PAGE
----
30 September 2007

AdSense's new Allowed Sites feature is a step in the right direction.

In the past, it has been too easy for the unscrupulous to get their competitors or enemies banned from AdSense through such means as repeated clicking on ads. While I expect this problem to continue for some time, Google has introduced a new feature which will help AdSense publishers protect themselves. Publishers can now at their option specify which domains or subdomains they wish to allow ads to appear on; although the ads may be displayed on sites which are not on the allowed sites list, no impressions or clicks will be counted for those ads. This prevents two possible situations that could lead potentially to trouble: competitors or enemies will no longer be able to steal someone's AdSense code and plaster AdSense ads on sites which violate the AdSense terms of service, and people who mistakenly put in an incorrect code when placing ads on a site that violates the terms of service will also no longer get innocent people into trouble. Truthfully, neither situation happens all that often...but both do happen sometimes so it is good that Google has addressed this issue. Hopefully, getting incorrectly banned from AdSense will be the least of the worries facing web publishers in the future.

Is using the Allowed Sites feature a good idea for everyone? I've begun using it myself, but there is one issue all publishers should be aware of before they create their own Allowed Sites list. Archival sites which cache old versions of pages, such as archive.org and various search engines, will no longer generate revenue for you from those cached pages unless you also add those sites to the Allowed Sites list. You'll have to do that manually at the moment. I would hazard a guess that most people make next to nothing from impressions on cached versions of their sites, but those that do might be better off if they avoided the allowed sites feature for now.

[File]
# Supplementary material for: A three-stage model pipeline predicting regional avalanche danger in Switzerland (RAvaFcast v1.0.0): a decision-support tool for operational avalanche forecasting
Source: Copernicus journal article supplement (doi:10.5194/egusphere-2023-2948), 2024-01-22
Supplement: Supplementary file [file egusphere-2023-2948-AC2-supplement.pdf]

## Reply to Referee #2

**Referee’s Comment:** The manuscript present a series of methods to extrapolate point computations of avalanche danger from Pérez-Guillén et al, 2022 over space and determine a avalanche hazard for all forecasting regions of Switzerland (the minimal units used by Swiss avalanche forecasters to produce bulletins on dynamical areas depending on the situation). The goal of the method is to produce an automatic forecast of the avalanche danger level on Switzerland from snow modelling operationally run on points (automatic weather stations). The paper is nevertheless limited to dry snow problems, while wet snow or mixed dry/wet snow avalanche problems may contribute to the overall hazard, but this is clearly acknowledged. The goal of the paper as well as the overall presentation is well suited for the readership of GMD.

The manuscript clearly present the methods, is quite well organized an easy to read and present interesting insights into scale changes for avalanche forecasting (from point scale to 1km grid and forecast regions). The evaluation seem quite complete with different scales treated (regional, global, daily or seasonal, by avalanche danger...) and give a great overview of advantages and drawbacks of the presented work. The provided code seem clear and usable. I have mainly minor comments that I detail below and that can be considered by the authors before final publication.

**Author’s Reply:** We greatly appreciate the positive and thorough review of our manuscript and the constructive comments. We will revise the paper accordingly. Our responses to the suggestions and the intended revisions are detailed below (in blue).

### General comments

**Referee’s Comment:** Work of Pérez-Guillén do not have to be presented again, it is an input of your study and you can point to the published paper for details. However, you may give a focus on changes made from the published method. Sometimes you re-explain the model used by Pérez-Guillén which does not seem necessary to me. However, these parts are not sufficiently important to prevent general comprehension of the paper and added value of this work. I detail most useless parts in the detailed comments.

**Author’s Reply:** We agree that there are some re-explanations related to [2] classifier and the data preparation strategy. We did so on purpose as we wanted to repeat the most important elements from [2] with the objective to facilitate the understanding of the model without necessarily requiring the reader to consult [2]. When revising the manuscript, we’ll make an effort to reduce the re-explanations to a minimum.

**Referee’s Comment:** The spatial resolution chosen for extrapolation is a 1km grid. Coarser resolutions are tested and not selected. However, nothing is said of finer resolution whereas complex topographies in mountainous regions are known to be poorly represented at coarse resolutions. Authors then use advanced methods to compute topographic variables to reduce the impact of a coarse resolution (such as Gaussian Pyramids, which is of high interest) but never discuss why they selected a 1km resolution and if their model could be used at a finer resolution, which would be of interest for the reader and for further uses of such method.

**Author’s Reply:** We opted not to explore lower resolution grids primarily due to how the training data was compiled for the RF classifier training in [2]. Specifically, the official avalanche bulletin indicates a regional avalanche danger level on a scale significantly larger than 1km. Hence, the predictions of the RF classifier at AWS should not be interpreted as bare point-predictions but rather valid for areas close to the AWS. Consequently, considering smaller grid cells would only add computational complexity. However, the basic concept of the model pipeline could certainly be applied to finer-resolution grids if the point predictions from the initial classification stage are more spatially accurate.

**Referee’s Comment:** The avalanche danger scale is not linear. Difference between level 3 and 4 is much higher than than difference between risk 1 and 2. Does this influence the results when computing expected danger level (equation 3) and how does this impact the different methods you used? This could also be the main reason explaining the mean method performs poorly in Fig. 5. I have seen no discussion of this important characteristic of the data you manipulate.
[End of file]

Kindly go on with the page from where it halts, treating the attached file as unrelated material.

28 September 2007

Google Presentations might change the world.

I have enjoyed using all three of the programs which now make up Google's online office suite, but Google's presentations program is in my opinion the most important of the trio. While the main selling points of Google Docs has always been that it allows documents to be viewed and edited online and that it makes long distance collaborations trivially simple, Google's presentations program adds an additional function: the ability to conduct simple "webinars" via a combination of a slide show and text chat. If you are the "Presenter" of a Google presentation, you can take charge of the presentation and control which slide all those who are currently viewing it will see. The chat functionality allows the presenter to discuss each slide and answer questions from the audience. This is something that could find eventually wide use in business, academia, and online communities -- it could be really big. At any rate, I think it's really cool that Google has made the webinar as almost trivial undertaking.

Up to this point, I think Google Docs has not been embraced by many who would like it if they tried it merely because they see no need to share their documents online. A business letter, a school essay, or a proposal have a very specific audience and each is usually subject to some sort of requirement as to how the finished product may be presented. Most of my college professors expected a printed hard copy of all my written class work, for instance, and I doubt I would have gotten away with emailing them a link to a Google Doc in most cases, so I had no particular reason to use Google Docs to produce my documents instead of my ordinary word processor. Presentations, on the other hand, are all about sharing information among a group -- rather than being viewed by one person such as a professor, they are usually meant to be viewed by at least a handful of people and often many more than that. Where the goals of the presentation can be met through online viewing, Google Docs offers a really powerful and really simple solution.

It will be very interesting to see how Google Docs develops in the future. I predict that the suite will grow more sophisticated and feature-rich over time; this by itself will boost its popularity among those who are loath to abandon the functionality of the office programs they currently use just for the online benefits offered by Google Docs. I'm especially curious if we will ever see new features added by Google which do not have equivalents in other office programs; that is, will we see an online office suite that can truly rival offline office suites? If so, that's probably far in the future, but I think it is definitely possible.